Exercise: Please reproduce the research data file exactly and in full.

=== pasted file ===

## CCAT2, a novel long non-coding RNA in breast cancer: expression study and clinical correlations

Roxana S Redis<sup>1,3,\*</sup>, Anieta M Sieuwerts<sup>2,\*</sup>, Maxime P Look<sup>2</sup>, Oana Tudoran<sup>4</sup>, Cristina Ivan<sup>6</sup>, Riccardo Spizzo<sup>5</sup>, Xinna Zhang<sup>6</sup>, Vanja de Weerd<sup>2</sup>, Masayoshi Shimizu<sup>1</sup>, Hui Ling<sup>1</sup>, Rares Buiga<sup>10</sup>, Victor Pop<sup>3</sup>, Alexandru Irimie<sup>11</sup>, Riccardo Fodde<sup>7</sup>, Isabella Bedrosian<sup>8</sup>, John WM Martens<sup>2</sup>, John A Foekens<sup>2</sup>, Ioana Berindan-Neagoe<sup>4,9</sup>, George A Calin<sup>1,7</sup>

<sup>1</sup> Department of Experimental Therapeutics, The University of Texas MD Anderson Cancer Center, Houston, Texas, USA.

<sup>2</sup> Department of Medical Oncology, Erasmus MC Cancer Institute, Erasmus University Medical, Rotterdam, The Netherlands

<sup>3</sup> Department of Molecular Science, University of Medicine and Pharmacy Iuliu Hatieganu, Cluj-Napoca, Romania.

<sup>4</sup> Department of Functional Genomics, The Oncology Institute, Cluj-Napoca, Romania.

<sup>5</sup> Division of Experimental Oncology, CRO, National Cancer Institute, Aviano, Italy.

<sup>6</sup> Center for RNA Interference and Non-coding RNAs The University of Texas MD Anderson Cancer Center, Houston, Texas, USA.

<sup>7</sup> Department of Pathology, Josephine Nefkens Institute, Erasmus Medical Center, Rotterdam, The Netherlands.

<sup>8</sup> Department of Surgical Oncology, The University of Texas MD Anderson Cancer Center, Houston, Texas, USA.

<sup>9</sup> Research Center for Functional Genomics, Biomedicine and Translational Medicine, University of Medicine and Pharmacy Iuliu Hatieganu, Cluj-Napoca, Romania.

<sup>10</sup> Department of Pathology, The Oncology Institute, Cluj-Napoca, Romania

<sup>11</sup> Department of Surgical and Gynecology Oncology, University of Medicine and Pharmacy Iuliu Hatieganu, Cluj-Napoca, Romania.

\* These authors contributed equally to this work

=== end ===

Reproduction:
## CCAT2, a novel long non-coding RNA in breast cancer: expression study and clinical correlations

Roxana S Redis<sup>1,3,\*</sup>, Anieta M Sieuwerts<sup>2,\*</sup>, Maxime P Look<sup>2</sup>, Oana Tudoran<sup>4</sup>, Cristina Ivan<sup>6</sup>, Riccardo Spizzo<sup>5</sup>, Xinna Zhang<sup>6</sup>, Vanja de Weerd<sup>2</sup>, Masayoshi Shimizu<sup>1</sup>, Hui Ling<sup>1</sup>, Rares Buiga<sup>10</sup>, Victor Pop<sup>3</sup>, Alexandru Irimie<sup>11</sup>, Riccardo Fodde<sup>7</sup>, Isabella Bedrosian<sup>8</sup>, John WM Martens<sup>2</sup>, John A Foekens<sup>2</sup>, Ioana Berindan-Neagoe<sup>4,9</sup>, George A Calin<sup>1,7</sup>

<sup>1</sup> Department of Experimental Therapeutics, The University of Texas MD Anderson Cancer Center, Houston, Texas, USA.

<sup>2</sup> Department of Medical Oncology, Erasmus MC Cancer Institute, Erasmus University Medical, Rotterdam, The Netherlands

<sup>3</sup> Department of Molecular Science, University of Medicine and Pharmacy Iuliu Hatieganu, Cluj-Napoca, Romania.

<sup>4</sup> Department of Functional Genomics, The Oncology Institute, Cluj-Napoca, Romania.

<sup>5</sup> Division of Experimental Oncology, CRO, National Cancer Institute, Aviano, Italy.

<sup>6</sup> Center for RNA Interference and Non-coding RNAs The University of Texas MD Anderson Cancer Center, Houston, Texas, USA.

<sup>7</sup> Department of Pathology, Josephine Nefkens Institute, Erasmus Medical Center, Rotterdam, The Netherlands.

<sup>8</sup> Department of Surgical Oncology, The University of Texas MD Anderson Cancer Center, Houston, Texas, USA.

<sup>9</sup> Research Center for Functional Genomics, Biomedicine and Translational Medicine, University of Medicine and Pharmacy Iuliu Hatieganu, Cluj-Napoca, Romania.

<sup>10</sup> Department of Pathology, The Oncology Institute, Cluj-Napoca, Romania

<sup>11</sup> Department of Surgical and Gynecology Oncology, University of Medicine and Pharmacy Iuliu Hatieganu, Cluj-Napoca, Romania.

\* These authors contributed equally to this work